Stroke survivors often have upper limb (UL) hemiparesis, limiting their ability to perform activities of daily life (ADLs). Intensive, task-oriented exercise therapy (ET) can improve UL function, but motivation to perform sufficient ET is difficult to maintain. Here we report on a trial in which a workstation was deployed in the homes of chronic stroke survivors to enable tele-coaching of ET in the guise of computer games. Participants performed 6 weeks of 1 hour/day, 5 days/week ET. Hand opening and grasp were assisted with functional electrical stimulation (FES). The primary outcome measure was the Action Research Arm Test (ARAT). Secondary outcome measures included a quantitative test of UL function performed on the workstation, grasp force measurements and transcranial magnetic stimulation (TMS). Improvements were seen in the functional tests, but surprisingly, not in the TMS responses. An important finding was that participants commencing with intermediate functional scores improved the most.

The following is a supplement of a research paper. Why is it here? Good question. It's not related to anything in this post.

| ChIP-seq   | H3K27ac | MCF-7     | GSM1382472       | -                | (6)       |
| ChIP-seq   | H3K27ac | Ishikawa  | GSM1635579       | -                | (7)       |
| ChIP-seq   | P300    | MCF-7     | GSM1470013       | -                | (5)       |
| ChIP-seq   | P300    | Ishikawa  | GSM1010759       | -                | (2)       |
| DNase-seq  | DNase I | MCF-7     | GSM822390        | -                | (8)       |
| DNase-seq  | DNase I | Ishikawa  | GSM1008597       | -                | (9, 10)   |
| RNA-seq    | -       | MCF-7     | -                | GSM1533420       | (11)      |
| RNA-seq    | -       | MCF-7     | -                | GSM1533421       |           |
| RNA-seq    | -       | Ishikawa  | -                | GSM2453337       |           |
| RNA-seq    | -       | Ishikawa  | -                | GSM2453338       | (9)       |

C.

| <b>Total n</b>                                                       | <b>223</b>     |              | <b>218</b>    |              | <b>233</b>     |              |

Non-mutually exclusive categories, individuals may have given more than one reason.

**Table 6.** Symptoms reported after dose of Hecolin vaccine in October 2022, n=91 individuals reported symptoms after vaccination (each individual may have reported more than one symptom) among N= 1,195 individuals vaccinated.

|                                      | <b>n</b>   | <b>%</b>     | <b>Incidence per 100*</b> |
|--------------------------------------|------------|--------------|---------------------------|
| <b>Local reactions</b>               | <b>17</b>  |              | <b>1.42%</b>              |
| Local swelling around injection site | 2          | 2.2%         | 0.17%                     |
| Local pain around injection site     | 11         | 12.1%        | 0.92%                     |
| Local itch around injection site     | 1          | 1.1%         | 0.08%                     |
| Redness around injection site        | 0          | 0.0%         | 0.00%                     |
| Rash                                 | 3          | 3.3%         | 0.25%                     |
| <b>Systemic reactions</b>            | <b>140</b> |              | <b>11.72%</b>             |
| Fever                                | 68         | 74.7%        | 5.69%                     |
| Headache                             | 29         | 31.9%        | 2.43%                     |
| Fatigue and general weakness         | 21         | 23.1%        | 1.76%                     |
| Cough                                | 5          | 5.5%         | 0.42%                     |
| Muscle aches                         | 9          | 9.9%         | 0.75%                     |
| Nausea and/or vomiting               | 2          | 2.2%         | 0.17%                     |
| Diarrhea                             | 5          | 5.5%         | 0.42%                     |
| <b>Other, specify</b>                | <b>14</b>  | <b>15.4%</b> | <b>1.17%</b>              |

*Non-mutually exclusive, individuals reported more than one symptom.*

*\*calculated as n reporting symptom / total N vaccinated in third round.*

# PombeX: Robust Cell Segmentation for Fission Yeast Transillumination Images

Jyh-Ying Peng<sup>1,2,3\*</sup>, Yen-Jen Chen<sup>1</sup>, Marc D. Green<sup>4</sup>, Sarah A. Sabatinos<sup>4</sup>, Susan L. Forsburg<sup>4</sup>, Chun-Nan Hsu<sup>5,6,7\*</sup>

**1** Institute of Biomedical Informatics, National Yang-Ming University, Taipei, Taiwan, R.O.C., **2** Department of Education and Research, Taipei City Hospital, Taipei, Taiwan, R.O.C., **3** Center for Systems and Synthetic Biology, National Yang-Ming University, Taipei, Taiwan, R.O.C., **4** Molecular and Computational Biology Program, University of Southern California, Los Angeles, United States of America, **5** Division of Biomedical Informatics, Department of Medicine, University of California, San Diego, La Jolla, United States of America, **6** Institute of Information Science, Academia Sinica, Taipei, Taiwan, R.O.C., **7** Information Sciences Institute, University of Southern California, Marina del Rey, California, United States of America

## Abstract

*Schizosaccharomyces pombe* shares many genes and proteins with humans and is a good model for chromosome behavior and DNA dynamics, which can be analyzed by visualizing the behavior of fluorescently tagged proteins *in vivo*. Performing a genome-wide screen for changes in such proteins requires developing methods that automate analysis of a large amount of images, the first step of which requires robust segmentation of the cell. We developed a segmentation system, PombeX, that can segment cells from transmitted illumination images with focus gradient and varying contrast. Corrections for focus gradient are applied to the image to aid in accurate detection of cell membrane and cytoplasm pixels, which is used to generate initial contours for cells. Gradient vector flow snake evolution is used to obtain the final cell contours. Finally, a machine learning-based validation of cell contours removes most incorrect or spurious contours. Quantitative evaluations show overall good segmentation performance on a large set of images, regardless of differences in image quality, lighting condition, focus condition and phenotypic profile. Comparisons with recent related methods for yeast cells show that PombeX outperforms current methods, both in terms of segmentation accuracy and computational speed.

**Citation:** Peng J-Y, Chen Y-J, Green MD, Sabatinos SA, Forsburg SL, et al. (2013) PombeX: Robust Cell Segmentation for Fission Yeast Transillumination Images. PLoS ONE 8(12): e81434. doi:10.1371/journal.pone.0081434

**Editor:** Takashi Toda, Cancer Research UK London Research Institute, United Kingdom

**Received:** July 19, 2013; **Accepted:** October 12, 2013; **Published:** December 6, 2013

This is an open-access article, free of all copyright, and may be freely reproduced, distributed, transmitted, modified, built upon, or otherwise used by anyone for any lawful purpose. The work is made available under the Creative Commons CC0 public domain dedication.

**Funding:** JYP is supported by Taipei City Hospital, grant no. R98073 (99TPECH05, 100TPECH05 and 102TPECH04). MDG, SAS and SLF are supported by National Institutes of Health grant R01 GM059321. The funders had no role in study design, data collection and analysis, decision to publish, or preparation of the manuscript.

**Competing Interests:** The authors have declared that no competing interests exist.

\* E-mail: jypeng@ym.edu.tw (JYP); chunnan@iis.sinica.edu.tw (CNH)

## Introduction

CONCLUSIONS: 1) Daily, tele-supervised FES-ET in chronic stroke survivors is feasible with commercially-available technology. 2) The intervention can significantly improve UL function, particularly in people who start with an intermediate level of function. 3) Significant improvements in UL function can occur in the absence of changes in TMS responses.
|Number of pages||9|
|Journal||IEEE Transactions on Neural Systems and Rehabilitation Engineering|
|Early online date||11 Mar 2015|
|Publication status||Published - 06 Jan 2016|